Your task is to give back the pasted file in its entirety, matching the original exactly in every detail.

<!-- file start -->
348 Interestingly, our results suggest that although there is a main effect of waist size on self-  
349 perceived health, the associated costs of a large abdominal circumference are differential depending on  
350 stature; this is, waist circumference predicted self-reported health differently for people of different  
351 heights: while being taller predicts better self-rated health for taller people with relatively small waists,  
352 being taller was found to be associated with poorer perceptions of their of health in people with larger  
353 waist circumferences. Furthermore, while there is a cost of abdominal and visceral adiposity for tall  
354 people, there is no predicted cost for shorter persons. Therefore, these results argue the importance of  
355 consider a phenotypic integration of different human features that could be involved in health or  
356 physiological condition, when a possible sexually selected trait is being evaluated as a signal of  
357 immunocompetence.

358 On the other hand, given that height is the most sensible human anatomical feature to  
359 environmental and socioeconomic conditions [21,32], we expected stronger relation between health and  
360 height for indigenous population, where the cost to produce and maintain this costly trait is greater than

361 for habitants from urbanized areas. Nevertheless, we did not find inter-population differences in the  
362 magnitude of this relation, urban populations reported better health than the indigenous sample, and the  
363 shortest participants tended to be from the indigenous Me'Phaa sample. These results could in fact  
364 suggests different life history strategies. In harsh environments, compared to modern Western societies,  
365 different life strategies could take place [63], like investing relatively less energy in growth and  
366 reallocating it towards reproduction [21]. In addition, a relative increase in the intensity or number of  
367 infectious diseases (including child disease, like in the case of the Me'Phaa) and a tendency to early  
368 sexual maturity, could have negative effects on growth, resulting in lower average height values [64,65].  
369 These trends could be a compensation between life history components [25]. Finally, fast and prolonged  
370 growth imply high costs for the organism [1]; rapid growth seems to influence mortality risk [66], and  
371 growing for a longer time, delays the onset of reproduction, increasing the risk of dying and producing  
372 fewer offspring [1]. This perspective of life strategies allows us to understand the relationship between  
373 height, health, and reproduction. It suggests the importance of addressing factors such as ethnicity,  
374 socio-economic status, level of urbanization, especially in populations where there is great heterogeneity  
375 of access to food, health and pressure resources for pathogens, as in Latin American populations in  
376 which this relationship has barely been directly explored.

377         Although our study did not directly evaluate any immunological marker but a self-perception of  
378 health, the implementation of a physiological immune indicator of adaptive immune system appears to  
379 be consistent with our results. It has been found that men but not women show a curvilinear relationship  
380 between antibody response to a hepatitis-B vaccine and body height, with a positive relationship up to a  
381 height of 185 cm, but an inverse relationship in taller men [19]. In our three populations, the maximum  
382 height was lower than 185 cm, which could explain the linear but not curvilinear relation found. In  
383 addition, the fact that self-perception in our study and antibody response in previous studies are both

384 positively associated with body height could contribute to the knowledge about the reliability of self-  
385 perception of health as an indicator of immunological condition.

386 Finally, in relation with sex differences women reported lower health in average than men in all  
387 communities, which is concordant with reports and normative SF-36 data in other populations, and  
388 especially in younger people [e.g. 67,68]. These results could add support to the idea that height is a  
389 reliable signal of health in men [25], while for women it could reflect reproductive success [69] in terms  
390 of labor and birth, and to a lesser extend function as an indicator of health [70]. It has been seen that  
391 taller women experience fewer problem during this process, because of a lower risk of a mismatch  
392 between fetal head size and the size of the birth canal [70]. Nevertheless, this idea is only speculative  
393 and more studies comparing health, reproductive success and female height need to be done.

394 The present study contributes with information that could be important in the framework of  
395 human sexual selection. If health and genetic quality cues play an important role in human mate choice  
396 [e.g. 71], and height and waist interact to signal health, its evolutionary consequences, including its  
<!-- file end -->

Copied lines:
348 Interestingly, our results suggest that although there is a main effect of waist size on self-  
349 perceived health, the associated costs of a large abdominal circumference are differential depending on  
350 stature; this is, waist circumference predicted self-reported health differently for people of different  
351 heights: while being taller predicts better self-rated health for taller people with relatively small waists,  
352 being taller was found to be associated with poorer perceptions of their of health in people with larger  
353 waist circumferences. Furthermore, while there is a cost of abdominal and visceral adiposity for tall  
354 people, there is no predicted cost for shorter persons. Therefore, these results argue the importance of  
355 consider a phenotypic integration of different human features that could be involved in health or  
356 physiological condition, when a possible sexually selected trait is being evaluated as a signal of  
357 immunocompetence.

358 On the other hand, given that height is the most sensible human anatomical feature to  
359 environmental and socioeconomic conditions [21,32], we expected stronger relation between health and  
360 height for indigenous population, where the cost to produce and maintain this costly trait is greater than

361 for habitants from urbanized areas. Nevertheless, we did not find inter-population differences in the  
362 magnitude of this relation, urban populations reported better health than the indigenous sample, and the  
363 shortest participants tended to be from the indigenous Me'Phaa sample. These results could in fact  
364 suggests different life history strategies. In harsh environments, compared to modern Western societies,  
365 different life strategies could take place [63], like investing relatively less energy in growth and  
366 reallocating it towards reproduction [21]. In addition, a relative increase in the intensity or number of  
367 infectious diseases (including child disease, like in the case of the Me'Phaa) and a tendency to early  
368 sexual maturity, could have negative effects on growth, resulting in lower average height values [64,65].  
369 These trends could be a compensation between life history components [25]. Finally, fast and prolonged  
370 growth imply high costs for the organism [1]; rapid growth seems to influence mortality risk [66], and  
371 growing for a longer time, delays the onset of reproduction, increasing the risk of dying and producing  
372 fewer offspring [1]. This perspective of life strategies allows us to understand the relationship between  
373 height, health, and reproduction. It suggests the importance of addressing factors such as ethnicity,  
374 socio-economic status, level of urbanization, especially in populations where there is great heterogeneity  
375 of access to food, health and pressure resources for pathogens, as in Latin American populations in  
376 which this relationship has barely been directly explored.

377         Although our study did not directly evaluate any immunological marker but a self-perception of  
378 health, the implementation of a physiological immune indicator of adaptive immune system appears to  
379 be consistent with our results. It has been found that men but not women show a curvilinear relationship  
380 between antibody response to a hepatitis-B vaccine and body height, with a positive relationship up to a  
381 height of 185 cm, but an inverse relationship in taller men [19]. In our three populations, the maximum  
382 height was lower than 185 cm, which could explain the linear but not curvilinear relation found. In  
383 addition, the fact that self-perception in our study and antibody response in previous studies are both

384 positively associated with body height could contribute to the knowledge about the reliability of self-  
385 perception of health as an indicator of immunological condition.

386 Finally, in relation with sex differences women reported lower health in average than men in all  
387 communities, which is concordant with reports and normative SF-36 data in other populations, and  
388 especially in younger people [e.g. 67,68]. These results could add support to the idea that height is a  
389 reliable signal of health in men [25], while for women it could reflect reproductive success [69] in terms  
390 of labor and birth, and to a lesser extend function as an indicator of health [70]. It has been seen that  
391 taller women experience fewer problem during this process, because of a lower risk of a mismatch  
392 between fetal head size and the size of the birth canal [70]. Nevertheless, this idea is only speculative  
393 and more studies comparing health, reproductive success and female height need to be done.

394 The present study contributes with information that could be important in the framework of  
395 human sexual selection. If health and genetic quality cues play an important role in human mate choice  
396 [e.g. 71], and height and waist interact to signal health, its evolutionary consequences, including its  